Comparing this decision to its prior DDR Holdings decision, the Federal Circuit noted that "the invention is not claiming the idea of filtering content simply applied to the Internet" but rather "claim[s] a technology-based solution . . . to filter content on the Internet that overcomes existing problems with other Internet filtering systems."

The panel opinion, authored by Judge Raymond Chen and joined by Judge Kathleen O'Malley, appeared to place emphasis on the differences between the claimed subject matter and the prior art, in which the patented solution solved a practical problem while employing generic computing elements.  "Thus, construed in favor of [Bascom], the claims are 'more than a drafting effort designed to monopolize the [abstract idea],' the court wrote.  "Instead, the claims may be read to 'improve an existing technological process....Bascom has alleged that an inventive concept can be found in the ordered combination of claim limitations that transform the abstract idea of filtering content into a particular, practical application of that abstract idea," the Court wrote.  "We find nothing on this record that refutes those allegations as a matter of law or justifies dismissal under Rule 12(b)(6)."

The panel further found that the claims do not preempt all uses of "the abstract idea of filtering content on the Internet."  Specifically, the panel found that the claims "carve out a specific location for the filtering system (a remote ISP server) and require the filtering system to give users the ability to customize filtering for their individual network accounts."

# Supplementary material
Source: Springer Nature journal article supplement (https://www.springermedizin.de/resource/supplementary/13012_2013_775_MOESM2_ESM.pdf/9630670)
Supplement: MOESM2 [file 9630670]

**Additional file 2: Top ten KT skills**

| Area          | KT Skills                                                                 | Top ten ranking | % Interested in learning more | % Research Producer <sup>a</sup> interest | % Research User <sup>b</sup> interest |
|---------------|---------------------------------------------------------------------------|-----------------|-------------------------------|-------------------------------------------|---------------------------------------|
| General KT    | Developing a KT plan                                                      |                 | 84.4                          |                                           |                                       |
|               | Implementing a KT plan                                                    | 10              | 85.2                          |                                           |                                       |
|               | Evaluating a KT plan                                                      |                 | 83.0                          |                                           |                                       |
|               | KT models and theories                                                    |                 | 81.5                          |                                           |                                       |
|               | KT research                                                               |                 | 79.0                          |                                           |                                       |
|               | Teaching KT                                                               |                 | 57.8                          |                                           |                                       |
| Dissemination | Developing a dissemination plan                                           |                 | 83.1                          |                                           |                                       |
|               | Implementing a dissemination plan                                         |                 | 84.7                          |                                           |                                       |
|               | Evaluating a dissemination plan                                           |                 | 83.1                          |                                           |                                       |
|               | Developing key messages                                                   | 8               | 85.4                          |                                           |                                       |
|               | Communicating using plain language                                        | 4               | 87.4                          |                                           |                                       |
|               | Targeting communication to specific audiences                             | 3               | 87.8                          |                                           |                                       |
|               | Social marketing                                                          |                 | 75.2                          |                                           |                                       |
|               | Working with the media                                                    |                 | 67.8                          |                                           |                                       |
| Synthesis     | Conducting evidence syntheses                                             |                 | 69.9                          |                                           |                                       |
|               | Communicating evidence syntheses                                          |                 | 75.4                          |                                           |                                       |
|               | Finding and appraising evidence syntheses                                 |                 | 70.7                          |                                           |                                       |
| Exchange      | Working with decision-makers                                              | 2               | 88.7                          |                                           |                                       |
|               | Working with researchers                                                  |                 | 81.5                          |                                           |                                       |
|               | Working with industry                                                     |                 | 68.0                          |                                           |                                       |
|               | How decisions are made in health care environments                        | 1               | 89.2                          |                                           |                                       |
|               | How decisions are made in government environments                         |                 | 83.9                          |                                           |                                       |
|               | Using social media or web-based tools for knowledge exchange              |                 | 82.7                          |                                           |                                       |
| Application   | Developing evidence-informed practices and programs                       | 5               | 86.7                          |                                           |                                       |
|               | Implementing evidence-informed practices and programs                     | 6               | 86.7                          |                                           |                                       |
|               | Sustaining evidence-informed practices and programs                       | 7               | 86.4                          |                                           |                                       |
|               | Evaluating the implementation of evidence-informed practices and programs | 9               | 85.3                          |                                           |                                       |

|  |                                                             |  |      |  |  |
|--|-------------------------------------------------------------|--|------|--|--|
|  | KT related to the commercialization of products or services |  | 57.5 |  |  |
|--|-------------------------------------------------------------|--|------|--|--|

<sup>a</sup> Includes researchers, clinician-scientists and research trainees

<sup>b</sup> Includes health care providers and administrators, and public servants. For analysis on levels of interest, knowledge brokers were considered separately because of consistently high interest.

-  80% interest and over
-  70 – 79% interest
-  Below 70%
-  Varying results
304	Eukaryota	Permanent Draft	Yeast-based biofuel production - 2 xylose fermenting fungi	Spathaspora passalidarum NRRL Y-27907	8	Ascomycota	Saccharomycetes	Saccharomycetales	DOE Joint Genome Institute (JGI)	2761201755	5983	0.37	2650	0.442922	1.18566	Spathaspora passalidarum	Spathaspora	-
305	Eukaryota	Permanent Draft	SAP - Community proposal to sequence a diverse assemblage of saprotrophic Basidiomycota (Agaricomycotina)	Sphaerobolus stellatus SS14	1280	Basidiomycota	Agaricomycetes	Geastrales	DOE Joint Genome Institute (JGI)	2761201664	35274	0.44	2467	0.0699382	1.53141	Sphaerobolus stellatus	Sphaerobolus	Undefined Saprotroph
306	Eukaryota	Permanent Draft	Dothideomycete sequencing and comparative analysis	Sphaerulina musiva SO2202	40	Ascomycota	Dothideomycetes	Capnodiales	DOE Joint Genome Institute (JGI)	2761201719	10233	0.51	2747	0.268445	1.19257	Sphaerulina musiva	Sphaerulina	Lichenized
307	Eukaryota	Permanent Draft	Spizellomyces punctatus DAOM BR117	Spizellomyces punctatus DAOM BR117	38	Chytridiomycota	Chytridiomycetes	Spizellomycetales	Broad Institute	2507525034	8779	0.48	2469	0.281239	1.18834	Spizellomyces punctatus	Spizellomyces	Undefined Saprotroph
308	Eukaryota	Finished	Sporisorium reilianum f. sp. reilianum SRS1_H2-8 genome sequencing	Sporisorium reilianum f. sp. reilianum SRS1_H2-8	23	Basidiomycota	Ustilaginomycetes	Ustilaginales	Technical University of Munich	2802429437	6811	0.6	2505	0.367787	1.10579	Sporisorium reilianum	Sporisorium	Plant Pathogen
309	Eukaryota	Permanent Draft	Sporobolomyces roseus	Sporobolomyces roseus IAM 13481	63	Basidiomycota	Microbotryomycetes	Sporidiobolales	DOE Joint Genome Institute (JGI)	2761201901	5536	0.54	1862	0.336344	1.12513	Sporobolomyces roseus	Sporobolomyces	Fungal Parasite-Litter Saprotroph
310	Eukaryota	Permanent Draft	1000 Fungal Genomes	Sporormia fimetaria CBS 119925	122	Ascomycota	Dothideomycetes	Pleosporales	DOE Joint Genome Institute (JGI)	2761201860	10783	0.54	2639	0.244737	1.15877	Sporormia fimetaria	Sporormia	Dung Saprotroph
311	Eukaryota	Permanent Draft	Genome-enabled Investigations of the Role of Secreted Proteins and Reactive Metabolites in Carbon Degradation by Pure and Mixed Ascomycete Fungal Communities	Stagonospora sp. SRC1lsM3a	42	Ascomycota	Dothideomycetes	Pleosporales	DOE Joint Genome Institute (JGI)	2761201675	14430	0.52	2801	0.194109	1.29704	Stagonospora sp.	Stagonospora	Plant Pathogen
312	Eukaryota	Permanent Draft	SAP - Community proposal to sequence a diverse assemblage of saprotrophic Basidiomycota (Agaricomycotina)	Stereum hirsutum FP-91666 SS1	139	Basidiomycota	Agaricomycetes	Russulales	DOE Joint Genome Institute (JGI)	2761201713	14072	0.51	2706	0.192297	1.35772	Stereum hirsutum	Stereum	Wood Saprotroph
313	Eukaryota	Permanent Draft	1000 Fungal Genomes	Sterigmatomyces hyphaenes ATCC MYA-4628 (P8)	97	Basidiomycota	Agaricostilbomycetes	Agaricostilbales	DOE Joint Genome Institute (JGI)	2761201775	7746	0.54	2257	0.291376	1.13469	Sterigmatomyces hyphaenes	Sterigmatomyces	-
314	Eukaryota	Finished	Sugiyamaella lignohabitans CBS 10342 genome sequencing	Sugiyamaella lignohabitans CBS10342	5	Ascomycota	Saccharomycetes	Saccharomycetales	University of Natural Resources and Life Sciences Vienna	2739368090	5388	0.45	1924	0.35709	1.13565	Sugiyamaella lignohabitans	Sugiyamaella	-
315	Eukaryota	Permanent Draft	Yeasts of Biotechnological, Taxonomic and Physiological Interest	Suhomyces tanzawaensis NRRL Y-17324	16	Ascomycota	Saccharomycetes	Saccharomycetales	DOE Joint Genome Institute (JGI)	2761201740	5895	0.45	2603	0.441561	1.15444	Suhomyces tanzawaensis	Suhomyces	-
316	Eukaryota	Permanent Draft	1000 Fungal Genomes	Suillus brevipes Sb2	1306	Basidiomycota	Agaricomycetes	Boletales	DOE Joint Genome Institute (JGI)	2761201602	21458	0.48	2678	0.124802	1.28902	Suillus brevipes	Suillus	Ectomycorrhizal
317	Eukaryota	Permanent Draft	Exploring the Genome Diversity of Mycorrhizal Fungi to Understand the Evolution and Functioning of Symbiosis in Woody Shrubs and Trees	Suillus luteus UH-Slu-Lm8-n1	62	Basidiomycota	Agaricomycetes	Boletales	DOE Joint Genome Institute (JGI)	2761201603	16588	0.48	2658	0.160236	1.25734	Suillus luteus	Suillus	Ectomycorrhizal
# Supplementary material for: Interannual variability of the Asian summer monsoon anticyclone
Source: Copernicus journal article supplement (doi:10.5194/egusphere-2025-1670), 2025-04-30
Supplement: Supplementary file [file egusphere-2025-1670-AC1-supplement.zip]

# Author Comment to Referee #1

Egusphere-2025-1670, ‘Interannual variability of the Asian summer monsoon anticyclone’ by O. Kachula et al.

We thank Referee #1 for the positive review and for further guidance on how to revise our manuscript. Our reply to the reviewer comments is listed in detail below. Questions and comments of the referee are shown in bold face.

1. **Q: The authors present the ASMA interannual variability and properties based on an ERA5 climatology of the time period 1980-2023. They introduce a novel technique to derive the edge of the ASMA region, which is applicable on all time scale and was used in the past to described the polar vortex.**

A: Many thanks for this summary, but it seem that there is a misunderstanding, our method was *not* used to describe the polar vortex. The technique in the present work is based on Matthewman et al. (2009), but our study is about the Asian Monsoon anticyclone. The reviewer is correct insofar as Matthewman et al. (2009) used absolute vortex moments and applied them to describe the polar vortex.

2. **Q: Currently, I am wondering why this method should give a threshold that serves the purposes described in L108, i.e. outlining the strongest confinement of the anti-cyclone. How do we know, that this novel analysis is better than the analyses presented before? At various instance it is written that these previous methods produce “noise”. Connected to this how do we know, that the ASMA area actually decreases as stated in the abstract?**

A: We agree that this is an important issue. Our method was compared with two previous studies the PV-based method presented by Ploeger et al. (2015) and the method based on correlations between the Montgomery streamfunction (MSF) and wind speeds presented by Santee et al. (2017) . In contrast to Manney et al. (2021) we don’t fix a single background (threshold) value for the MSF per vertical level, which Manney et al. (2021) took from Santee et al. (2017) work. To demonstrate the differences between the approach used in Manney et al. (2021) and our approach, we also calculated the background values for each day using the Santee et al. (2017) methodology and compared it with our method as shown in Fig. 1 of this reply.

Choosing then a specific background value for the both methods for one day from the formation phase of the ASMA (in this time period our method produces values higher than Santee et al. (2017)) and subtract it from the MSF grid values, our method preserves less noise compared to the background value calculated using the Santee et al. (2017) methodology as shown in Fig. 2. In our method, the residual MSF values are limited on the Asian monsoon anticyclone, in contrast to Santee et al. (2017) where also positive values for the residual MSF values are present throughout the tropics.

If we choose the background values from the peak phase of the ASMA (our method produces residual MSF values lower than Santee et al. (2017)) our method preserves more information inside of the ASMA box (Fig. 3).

In a concurring opinion, Circuit Judge Pauline Newman criticized exclusive reliance on the two partAlice test, and expounded a more "flexible approach" to the determination of patentability/validity.  Critical of the imprecision of determining whether a claim is abstract, Judge Newman wrote that she has "come upon no guide to when a claim crosses the boundary between unacceptable abstractness and acceptable specificity...This conundrum is resolved on application of the criteria of patentability."  Judge Newman argues that the Federal Circuit should instead "clarify the district court's authority to resolve the issues of patent validity directly" under sections 102, 103, or 112, because "[i]nitial determination of eligibility often does not resolve patentability, whereas initial determination of patentability issues always resolves or moots eligibility."  To the extent the Court is gravitating toward a novelty-like approach to assessing step 2 of the Alice test, it appears that Judge Newman's approach may take root at least impliedly as part of the Section 101 analysis.

The content of this article is intended to provide a general guide to the subject matter. Specialist advice should be sought about your specific circumstances.

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Mike Koplow